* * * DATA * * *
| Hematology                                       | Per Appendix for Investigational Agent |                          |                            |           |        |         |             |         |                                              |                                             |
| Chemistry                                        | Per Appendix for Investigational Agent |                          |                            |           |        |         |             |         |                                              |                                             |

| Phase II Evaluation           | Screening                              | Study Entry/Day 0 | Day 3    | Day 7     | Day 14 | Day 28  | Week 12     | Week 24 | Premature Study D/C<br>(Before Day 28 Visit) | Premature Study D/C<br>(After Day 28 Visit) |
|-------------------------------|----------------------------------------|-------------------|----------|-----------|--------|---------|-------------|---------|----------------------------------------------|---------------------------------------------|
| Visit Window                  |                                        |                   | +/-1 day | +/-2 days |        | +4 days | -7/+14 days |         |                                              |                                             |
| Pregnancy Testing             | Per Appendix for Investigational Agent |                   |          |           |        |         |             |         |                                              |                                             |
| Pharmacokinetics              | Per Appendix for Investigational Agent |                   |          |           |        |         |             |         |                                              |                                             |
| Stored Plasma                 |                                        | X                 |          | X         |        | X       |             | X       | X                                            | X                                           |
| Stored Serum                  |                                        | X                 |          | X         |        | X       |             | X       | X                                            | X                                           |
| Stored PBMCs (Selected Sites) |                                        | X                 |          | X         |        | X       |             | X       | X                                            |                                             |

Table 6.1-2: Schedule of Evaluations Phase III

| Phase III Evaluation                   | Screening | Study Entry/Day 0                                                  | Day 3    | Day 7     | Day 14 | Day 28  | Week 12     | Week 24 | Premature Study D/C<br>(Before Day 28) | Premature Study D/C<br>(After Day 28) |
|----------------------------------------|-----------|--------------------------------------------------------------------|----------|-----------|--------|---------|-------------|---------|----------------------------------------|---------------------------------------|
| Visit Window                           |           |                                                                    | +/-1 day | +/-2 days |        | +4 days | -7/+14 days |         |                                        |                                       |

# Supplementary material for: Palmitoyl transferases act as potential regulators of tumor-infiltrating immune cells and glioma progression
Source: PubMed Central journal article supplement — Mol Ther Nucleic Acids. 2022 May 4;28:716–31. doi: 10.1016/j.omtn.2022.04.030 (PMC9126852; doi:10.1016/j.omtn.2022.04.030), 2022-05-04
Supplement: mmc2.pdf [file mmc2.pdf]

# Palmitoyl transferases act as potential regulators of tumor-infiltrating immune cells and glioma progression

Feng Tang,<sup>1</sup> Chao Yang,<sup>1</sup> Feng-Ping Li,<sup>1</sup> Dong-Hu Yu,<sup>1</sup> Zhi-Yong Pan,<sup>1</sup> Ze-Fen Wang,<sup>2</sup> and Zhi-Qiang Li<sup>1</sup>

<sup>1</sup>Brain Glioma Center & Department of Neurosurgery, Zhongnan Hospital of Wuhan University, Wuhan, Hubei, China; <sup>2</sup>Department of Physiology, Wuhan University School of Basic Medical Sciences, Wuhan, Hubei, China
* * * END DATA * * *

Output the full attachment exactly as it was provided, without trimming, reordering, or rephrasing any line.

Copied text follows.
| Hematology                                       | Per Appendix for Investigational Agent |                          |                            |           |        |         |             |         |                                              |                                             |
| Chemistry                                        | Per Appendix for Investigational Agent |                          |                            |           |        |         |             |         |                                              |                                             |

| Phase II Evaluation           | Screening                              | Study Entry/Day 0 | Day 3    | Day 7     | Day 14 | Day 28  | Week 12     | Week 24 | Premature Study D/C<br>(Before Day 28 Visit) | Premature Study D/C<br>(After Day 28 Visit) |
|-------------------------------|----------------------------------------|-------------------|----------|-----------|--------|---------|-------------|---------|----------------------------------------------|---------------------------------------------|
| Visit Window                  |                                        |                   | +/-1 day | +/-2 days |        | +4 days | -7/+14 days |         |                                              |                                             |
| Pregnancy Testing             | Per Appendix for Investigational Agent |                   |          |           |        |         |             |         |                                              |                                             |
| Pharmacokinetics              | Per Appendix for Investigational Agent |                   |          |           |        |         |             |         |                                              |                                             |
| Stored Plasma                 |                                        | X                 |          | X         |        | X       |             | X       | X                                            | X                                           |
| Stored Serum                  |                                        | X                 |          | X         |        | X       |             | X       | X                                            | X                                           |
| Stored PBMCs (Selected Sites) |                                        | X                 |          | X         |        | X       |             | X       | X                                            |                                             |

Table 6.1-2: Schedule of Evaluations Phase III

| Phase III Evaluation                   | Screening | Study Entry/Day 0                                                  | Day 3    | Day 7     | Day 14 | Day 28  | Week 12     | Week 24 | Premature Study D/C<br>(Before Day 28) | Premature Study D/C<br>(After Day 28) |
|----------------------------------------|-----------|--------------------------------------------------------------------|----------|-----------|--------|---------|-------------|---------|----------------------------------------|---------------------------------------|
| Visit Window                           |           |                                                                    | +/-1 day | +/-2 days |        | +4 days | -7/+14 days |         |                                        |                                       |

# Supplementary material for: Palmitoyl transferases act as potential regulators of tumor-infiltrating immune cells and glioma progression
Source: PubMed Central journal article supplement — Mol Ther Nucleic Acids. 2022 May 4;28:716–31. doi: 10.1016/j.omtn.2022.04.030 (PMC9126852; doi:10.1016/j.omtn.2022.04.030), 2022-05-04
Supplement: mmc2.pdf [file mmc2.pdf]

# Palmitoyl transferases act as potential regulators of tumor-infiltrating immune cells and glioma progression

Feng Tang,<sup>1</sup> Chao Yang,<sup>1</sup> Feng-Ping Li,<sup>1</sup> Dong-Hu Yu,<sup>1</sup> Zhi-Yong Pan,<sup>1</sup> Ze-Fen Wang,<sup>2</sup> and Zhi-Qiang Li<sup>1</sup>

<sup>1</sup>Brain Glioma Center & Department of Neurosurgery, Zhongnan Hospital of Wuhan University, Wuhan, Hubei, China; <sup>2</sup>Department of Physiology, Wuhan University School of Basic Medical Sciences, Wuhan, Hubei, China